Monastery of Daphni

Monastery of Daphni

The Monastery of Daphni is located west of Athens, almost in the middle of the distance between the ancient Iera Odos (the road to Eleusis). The first group of buildings of the Monastery of Daphni was built in the 5th Century A.D. and was enclosed by a strong, almost square, enclosure.

The monuments that are surviving today belong to the second phase, end of the 11th Century (around 1080 A.D.). The interior of the church is adorned with admirable mosaics of that period. They are unique works of art, excellent specimens of the classical idealism of the Middle Byzantine Period that are the attracting pole of the visitors of this quaint monastery. The lower part of the walls was lined with marble orthostats that were replaced with medium quality murals, in about 1650 AD.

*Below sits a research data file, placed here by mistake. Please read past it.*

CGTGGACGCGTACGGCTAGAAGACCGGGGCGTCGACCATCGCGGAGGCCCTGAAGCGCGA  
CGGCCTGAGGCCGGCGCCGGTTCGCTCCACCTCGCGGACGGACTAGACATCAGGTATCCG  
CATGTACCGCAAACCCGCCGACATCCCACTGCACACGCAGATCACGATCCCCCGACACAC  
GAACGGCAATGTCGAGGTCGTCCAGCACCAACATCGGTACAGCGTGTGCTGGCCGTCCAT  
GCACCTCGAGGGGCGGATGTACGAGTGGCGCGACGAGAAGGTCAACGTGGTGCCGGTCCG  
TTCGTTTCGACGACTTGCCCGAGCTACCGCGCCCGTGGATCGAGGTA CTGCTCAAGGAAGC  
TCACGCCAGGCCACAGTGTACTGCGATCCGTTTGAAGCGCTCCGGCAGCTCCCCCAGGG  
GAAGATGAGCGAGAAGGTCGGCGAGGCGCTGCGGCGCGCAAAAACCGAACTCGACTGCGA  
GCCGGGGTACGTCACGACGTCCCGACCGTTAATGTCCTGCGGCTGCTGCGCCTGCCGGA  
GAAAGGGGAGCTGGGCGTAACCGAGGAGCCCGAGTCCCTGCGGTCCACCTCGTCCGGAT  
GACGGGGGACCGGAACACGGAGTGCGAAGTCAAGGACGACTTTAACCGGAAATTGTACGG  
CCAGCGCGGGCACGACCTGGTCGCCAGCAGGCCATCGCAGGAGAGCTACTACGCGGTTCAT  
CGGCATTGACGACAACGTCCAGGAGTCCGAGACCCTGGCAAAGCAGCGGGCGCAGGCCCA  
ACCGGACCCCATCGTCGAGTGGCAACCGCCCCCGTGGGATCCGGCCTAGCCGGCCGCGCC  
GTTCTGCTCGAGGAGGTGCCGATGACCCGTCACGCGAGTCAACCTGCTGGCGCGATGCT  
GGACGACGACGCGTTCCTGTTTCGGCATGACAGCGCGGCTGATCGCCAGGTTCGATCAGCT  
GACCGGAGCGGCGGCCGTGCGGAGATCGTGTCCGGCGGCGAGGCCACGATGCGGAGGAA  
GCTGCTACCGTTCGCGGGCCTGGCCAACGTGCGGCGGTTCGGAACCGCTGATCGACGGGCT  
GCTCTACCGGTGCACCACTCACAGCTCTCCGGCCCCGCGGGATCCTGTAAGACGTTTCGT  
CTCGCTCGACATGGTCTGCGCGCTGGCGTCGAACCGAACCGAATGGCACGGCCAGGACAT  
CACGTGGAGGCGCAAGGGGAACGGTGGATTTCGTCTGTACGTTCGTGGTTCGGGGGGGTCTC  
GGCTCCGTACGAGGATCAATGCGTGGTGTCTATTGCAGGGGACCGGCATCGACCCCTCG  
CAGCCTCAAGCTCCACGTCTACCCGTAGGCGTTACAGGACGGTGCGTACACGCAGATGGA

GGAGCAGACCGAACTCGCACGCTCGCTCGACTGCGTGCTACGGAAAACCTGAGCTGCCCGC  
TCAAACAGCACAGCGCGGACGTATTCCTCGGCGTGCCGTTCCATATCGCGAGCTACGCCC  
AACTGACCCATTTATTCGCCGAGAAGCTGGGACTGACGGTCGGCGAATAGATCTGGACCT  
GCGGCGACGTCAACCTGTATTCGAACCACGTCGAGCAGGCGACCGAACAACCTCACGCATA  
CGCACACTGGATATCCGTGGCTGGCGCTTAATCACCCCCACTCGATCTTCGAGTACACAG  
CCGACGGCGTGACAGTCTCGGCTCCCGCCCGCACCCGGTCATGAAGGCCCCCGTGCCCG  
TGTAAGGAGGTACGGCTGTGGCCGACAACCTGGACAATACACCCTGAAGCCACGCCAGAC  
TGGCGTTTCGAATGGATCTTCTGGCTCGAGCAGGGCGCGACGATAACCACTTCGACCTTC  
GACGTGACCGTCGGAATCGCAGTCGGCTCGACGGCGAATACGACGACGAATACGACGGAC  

The Monastery is built on the location of the ancient temple, dedicated to Daphnian Apollo that was destroyed during the raid of the Goths in 395 B.C. Today, what remains of this ancient temple is an Ionian pillar built on the colonnade of the narthex (the rest of the pillars were stolen by Lord Elgin in the 19th Century).


The Monastery is dedicated to the Assumption of the Virgin Mary and was established in the 6th Century A.D. Regardless of its prosperity and its wealth, it was abandoned and restored a lot later, at the end of the 11th Century by an unknown benefactor. In 1204 the area of Daphni was allotted to the Venetian Governor of Athens, Otto de la Roche Athinon in 1207, Cistercian monks from Belleveaux settled in the Monastery. They brought about alterations to its structure and its form. When Athens was conquered by the Turks, in 1458, the Monastery was allotted again to the Orthodox Church and again Orthodox monks were settled there, who brought new alterations to the buildings.

For the duration of the Greek War of Independence, the Monastery was used as a hide-out. In 1838-39 Bavarians settled there and during the period 1883 to 1885 was used as a mental clinic. Later, it suffered serious catastrophes from earthquakes in 1889 and 1897.